There are always a few items we’ve read during the week that deserve more attention but don’t make it into our regular posts. So we bundle them for the Friday roundup.
Here’s this week’s bundle:
Site Selection: Could Inclusion be the New Yardstick?
Is it possible that disadvantaged long-term economic development strategies could have their chances improved by improving the long-term chances of the disadvantaged themselves?
Amy Liu, vice president and director of the Metropolitan Policy Program at Brookings Institution, which she co-founded with Bruce Katz in 1996, directs the Global Cities Initiative, a joint project of Brookings and JPMorgan Chase that aims to help US metro leaders reorient their economies toward greater engagement in world markets. But it’s greater engagement with the people in our own backyards that she’s after today, she explained at the TrustBelt conference in Chicago last summer.
“There is pressure to grow an economy that works for more people,” she said, and make regions as inclusive as they are competitive.
Associated Press: Trade chief: protectionism is not the answer to job losses
The hostility toward trade agreements witnessed in the United States and other countries is misplaced and protectionist measures can hurt the poorest most, the head of the world’s leading trade body said Monday…
“Adopting protectionist measures would only decrease the possibilities for the poor people more than anybody else, and that’s just the wrong response to the situation today,” [World Trade Organization chief Roberto] Azevedo said.
National Conference of State Legislatures: Statewide Ballot Measures Had Drama of Their Own
While the drama of Election 2016 was clear in terms of actors—Republicans had a good day in most nooks and crannies—the plot thickened when it came to statewide ballot measures.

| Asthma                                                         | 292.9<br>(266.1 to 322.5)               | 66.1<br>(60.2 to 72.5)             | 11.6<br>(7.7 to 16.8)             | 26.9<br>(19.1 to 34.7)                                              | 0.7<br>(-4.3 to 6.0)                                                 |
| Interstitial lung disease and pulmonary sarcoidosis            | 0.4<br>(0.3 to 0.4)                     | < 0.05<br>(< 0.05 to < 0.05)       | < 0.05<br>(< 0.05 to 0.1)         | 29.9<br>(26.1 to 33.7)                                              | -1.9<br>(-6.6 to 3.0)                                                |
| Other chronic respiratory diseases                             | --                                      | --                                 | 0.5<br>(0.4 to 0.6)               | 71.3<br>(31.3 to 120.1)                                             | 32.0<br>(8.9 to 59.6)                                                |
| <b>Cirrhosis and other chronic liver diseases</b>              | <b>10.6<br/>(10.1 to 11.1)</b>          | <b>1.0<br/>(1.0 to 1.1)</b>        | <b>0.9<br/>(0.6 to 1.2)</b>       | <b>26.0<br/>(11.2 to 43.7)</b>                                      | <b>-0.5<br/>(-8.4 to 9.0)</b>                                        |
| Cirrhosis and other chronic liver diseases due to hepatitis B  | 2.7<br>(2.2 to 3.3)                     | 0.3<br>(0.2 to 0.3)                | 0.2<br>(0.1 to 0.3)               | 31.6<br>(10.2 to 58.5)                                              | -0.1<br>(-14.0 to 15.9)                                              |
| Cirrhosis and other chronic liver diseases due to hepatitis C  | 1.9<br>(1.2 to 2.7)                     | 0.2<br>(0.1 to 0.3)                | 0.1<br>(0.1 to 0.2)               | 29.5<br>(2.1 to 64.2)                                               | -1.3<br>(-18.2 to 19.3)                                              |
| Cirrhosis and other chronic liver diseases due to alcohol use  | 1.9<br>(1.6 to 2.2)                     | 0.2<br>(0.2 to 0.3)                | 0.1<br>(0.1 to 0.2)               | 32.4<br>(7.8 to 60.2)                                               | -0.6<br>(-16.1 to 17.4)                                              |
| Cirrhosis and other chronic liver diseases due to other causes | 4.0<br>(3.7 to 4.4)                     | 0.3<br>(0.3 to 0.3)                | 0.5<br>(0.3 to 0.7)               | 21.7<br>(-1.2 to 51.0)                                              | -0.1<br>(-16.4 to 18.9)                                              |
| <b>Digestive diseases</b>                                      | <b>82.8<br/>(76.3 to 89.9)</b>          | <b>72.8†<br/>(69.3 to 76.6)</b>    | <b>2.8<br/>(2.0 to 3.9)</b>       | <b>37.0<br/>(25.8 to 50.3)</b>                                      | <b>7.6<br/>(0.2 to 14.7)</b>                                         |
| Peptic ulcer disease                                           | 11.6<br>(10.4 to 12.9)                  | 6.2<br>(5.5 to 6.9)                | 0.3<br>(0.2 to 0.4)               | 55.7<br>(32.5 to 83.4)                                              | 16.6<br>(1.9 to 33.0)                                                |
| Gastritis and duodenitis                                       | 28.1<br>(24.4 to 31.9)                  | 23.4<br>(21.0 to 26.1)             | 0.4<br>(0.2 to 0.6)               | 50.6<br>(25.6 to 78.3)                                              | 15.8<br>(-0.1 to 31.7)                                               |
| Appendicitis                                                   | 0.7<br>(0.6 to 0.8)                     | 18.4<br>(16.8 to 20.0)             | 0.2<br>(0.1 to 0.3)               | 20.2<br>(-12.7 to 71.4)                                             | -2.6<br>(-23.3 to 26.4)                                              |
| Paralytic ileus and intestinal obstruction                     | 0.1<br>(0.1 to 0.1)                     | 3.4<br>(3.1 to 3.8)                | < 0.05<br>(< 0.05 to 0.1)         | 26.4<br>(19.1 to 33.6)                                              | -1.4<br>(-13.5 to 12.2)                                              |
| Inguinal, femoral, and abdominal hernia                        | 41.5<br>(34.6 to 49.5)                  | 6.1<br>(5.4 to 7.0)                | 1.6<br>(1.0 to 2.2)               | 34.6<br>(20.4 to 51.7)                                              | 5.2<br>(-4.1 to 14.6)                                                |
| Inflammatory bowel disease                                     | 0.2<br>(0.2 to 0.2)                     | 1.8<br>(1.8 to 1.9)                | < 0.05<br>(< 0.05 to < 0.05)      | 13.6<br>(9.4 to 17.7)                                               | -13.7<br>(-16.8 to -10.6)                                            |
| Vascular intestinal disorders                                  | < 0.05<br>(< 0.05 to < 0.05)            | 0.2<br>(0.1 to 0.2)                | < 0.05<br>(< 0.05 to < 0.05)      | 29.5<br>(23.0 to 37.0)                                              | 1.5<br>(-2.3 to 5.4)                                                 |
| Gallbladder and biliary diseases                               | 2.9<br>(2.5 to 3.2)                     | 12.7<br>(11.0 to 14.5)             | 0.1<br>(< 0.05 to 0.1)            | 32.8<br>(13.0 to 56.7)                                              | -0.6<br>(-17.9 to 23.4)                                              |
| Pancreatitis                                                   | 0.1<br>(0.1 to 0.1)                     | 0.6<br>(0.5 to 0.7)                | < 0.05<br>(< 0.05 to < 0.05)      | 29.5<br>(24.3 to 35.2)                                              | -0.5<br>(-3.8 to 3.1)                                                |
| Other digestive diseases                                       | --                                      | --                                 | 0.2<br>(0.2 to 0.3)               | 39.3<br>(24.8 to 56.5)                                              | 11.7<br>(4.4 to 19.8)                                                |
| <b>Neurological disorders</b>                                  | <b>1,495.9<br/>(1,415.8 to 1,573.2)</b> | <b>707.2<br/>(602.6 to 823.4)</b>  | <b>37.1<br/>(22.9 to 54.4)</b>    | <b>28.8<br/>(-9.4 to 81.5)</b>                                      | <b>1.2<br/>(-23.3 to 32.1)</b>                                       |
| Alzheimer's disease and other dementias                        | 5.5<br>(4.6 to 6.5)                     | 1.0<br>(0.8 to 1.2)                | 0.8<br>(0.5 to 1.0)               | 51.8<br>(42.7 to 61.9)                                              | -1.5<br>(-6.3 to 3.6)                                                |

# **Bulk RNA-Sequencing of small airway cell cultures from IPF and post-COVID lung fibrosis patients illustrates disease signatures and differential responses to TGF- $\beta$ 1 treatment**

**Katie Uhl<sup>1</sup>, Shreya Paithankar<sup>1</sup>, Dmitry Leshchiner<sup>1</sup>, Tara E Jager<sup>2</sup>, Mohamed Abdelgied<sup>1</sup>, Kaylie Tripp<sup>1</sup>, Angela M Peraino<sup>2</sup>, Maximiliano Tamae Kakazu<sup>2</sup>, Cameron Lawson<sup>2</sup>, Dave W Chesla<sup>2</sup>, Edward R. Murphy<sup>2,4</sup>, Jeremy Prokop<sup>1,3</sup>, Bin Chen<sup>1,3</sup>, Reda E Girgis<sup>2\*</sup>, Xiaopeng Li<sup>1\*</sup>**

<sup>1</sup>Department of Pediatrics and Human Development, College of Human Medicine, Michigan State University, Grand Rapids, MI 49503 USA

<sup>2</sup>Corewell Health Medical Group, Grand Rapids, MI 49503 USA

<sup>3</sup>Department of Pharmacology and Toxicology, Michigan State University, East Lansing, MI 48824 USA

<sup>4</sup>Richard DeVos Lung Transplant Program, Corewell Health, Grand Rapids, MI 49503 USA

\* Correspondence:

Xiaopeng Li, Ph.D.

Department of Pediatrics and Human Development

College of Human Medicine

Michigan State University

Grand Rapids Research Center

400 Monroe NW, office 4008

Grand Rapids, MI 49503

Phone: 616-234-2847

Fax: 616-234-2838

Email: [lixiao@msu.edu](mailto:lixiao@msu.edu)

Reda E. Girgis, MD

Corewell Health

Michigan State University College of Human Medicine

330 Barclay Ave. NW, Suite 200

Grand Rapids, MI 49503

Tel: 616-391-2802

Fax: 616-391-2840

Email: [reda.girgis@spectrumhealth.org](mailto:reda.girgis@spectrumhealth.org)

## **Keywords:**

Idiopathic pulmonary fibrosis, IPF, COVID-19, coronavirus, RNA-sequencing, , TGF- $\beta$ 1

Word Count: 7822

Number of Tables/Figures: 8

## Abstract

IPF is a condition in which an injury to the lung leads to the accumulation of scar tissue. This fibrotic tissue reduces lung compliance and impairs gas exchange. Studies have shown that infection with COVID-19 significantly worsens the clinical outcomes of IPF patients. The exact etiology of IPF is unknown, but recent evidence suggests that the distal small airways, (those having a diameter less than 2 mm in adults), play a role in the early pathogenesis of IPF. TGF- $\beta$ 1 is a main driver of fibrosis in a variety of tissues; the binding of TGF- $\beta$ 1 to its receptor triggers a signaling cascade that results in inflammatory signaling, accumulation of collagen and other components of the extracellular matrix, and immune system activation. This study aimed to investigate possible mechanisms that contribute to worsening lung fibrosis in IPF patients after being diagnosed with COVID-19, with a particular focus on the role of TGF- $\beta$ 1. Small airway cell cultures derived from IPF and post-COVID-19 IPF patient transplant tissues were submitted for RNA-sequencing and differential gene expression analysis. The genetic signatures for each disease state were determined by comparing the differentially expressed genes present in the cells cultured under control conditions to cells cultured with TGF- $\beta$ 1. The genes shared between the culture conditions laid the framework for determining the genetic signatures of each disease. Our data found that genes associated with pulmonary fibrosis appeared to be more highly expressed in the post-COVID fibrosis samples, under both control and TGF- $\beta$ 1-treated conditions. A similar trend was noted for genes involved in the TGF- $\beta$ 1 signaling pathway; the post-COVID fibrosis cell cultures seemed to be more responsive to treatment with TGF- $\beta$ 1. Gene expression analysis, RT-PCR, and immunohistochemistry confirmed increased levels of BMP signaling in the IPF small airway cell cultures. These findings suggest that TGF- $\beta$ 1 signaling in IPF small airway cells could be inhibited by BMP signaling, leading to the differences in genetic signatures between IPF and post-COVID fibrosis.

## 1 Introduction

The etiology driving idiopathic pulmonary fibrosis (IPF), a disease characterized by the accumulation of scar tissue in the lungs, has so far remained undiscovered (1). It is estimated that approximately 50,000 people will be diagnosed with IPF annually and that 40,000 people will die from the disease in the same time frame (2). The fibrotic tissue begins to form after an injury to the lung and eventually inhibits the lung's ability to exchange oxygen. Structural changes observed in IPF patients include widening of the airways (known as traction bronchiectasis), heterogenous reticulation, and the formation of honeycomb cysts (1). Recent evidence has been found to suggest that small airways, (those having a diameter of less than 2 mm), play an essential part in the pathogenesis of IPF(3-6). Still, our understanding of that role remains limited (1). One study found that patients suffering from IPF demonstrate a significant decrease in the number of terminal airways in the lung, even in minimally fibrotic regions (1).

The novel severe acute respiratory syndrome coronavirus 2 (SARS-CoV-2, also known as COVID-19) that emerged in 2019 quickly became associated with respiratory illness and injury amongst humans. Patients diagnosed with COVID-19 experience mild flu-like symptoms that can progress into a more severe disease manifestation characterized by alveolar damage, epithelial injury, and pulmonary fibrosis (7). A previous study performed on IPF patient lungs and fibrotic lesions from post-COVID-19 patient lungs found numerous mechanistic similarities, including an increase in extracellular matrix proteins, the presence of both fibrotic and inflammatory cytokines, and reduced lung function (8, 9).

Marijuana was approved in seven out of the nine states where it was on the ballot…
Minimum wage increases were approved, too, in the four states that voted on the issue: Arizona, Colorado, Washington and Maine. Even South Dakota voters repealed last year’s newly enacted law that set a lower minimum wage for teens than for the rest of the population.
Huffington Post: Here’s What We Know About Why Polling Missed the Mark
The American Association for Public Opinion Research, in an emailed statement: “Election years present particularly high profile moments for public opinion and survey research. This is a time when polls dominate the media and the accuracy of polls can be confirmed or refuted by the actual poll vote outcome. The polls clearly got it wrong this time…”
Los Angeles Times: Prescription drug pricing measure Proposition 61 goes down to defeat
Proposition 61, the most expensive statewide initiative on the [California] ballot this November, has been defeated by a 54-46 margin.
The ballot measure sought to lower prescription drug prices by requiring that state agencies pay no more for medicines than the federal Department of Veterans Affairs.
Washington Research Council: How will I-1433 be implemented?
To be sure, as we noted in our special report on I-1433, counties in central Washington will be most affected because more of the jobs in these counties are paid less than $13.50. The Times has a county map of Washington showing where the minimum wage increase will have the most impact. For example, while 7.8 percent of full-time equivalent jobs in King County make less than $13.50, 30.5 percent of those in Yakima County do.
…although employers across the state are used to minimum wage law, paid sick leave is a whole new ballgame for many. Additionally, the significant technical differences between paid sick leave laws could prove tricky to sort out.